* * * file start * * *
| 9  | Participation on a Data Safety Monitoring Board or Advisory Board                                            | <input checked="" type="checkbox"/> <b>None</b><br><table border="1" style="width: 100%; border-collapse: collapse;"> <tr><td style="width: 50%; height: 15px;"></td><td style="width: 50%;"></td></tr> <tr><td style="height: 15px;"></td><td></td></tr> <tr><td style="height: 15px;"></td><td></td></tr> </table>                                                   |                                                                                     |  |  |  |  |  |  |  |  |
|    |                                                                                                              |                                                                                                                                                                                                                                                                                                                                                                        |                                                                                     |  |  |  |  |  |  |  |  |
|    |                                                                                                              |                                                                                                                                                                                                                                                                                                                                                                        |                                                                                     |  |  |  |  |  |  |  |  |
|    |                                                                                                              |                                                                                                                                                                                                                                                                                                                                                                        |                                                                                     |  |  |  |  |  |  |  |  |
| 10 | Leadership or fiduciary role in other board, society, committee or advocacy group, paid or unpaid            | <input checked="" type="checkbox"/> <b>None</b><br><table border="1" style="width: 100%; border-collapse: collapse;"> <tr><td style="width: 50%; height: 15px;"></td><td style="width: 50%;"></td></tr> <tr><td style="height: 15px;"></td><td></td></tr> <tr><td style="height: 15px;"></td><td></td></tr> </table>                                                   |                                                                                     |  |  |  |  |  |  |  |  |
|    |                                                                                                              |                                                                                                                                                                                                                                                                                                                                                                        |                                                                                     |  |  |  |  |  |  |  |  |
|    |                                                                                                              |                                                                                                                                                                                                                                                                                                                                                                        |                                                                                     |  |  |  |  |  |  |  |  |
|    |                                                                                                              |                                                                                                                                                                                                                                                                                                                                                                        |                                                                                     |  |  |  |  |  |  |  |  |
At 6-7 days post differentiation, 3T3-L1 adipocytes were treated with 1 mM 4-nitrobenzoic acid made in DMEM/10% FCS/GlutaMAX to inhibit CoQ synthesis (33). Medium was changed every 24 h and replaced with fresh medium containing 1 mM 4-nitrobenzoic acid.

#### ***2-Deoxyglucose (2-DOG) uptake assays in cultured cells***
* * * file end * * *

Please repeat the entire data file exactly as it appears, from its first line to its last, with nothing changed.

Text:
| 9  | Participation on a Data Safety Monitoring Board or Advisory Board                                            | <input checked="" type="checkbox"/> <b>None</b><br><table border="1" style="width: 100%; border-collapse: collapse;"> <tr><td style="width: 50%; height: 15px;"></td><td style="width: 50%;"></td></tr> <tr><td style="height: 15px;"></td><td></td></tr> <tr><td style="height: 15px;"></td><td></td></tr> </table>                                                   |                                                                                     |  |  |  |  |  |  |  |  |
|    |                                                                                                              |                                                                                                                                                                                                                                                                                                                                                                        |                                                                                     |  |  |  |  |  |  |  |  |
|    |                                                                                                              |                                                                                                                                                                                                                                                                                                                                                                        |                                                                                     |  |  |  |  |  |  |  |  |
|    |                                                                                                              |                                                                                                                                                                                                                                                                                                                                                                        |                                                                                     |  |  |  |  |  |  |  |  |
| 10 | Leadership or fiduciary role in other board, society, committee or advocacy group, paid or unpaid            | <input checked="" type="checkbox"/> <b>None</b><br><table border="1" style="width: 100%; border-collapse: collapse;"> <tr><td style="width: 50%; height: 15px;"></td><td style="width: 50%;"></td></tr> <tr><td style="height: 15px;"></td><td></td></tr> <tr><td style="height: 15px;"></td><td></td></tr> </table>                                                   |                                                                                     |  |  |  |  |  |  |  |  |
|    |                                                                                                              |                                                                                                                                                                                                                                                                                                                                                                        |                                                                                     |  |  |  |  |  |  |  |  |
|    |                                                                                                              |                                                                                                                                                                                                                                                                                                                                                                        |                                                                                     |  |  |  |  |  |  |  |  |
|    |                                                                                                              |                                                                                                                                                                                                                                                                                                                                                                        |                                                                                     |  |  |  |  |  |  |  |  |
At 6-7 days post differentiation, 3T3-L1 adipocytes were treated with 1 mM 4-nitrobenzoic acid made in DMEM/10% FCS/GlutaMAX to inhibit CoQ synthesis (33). Medium was changed every 24 h and replaced with fresh medium containing 1 mM 4-nitrobenzoic acid.

#### ***2-Deoxyglucose (2-DOG) uptake assays in cultured cells***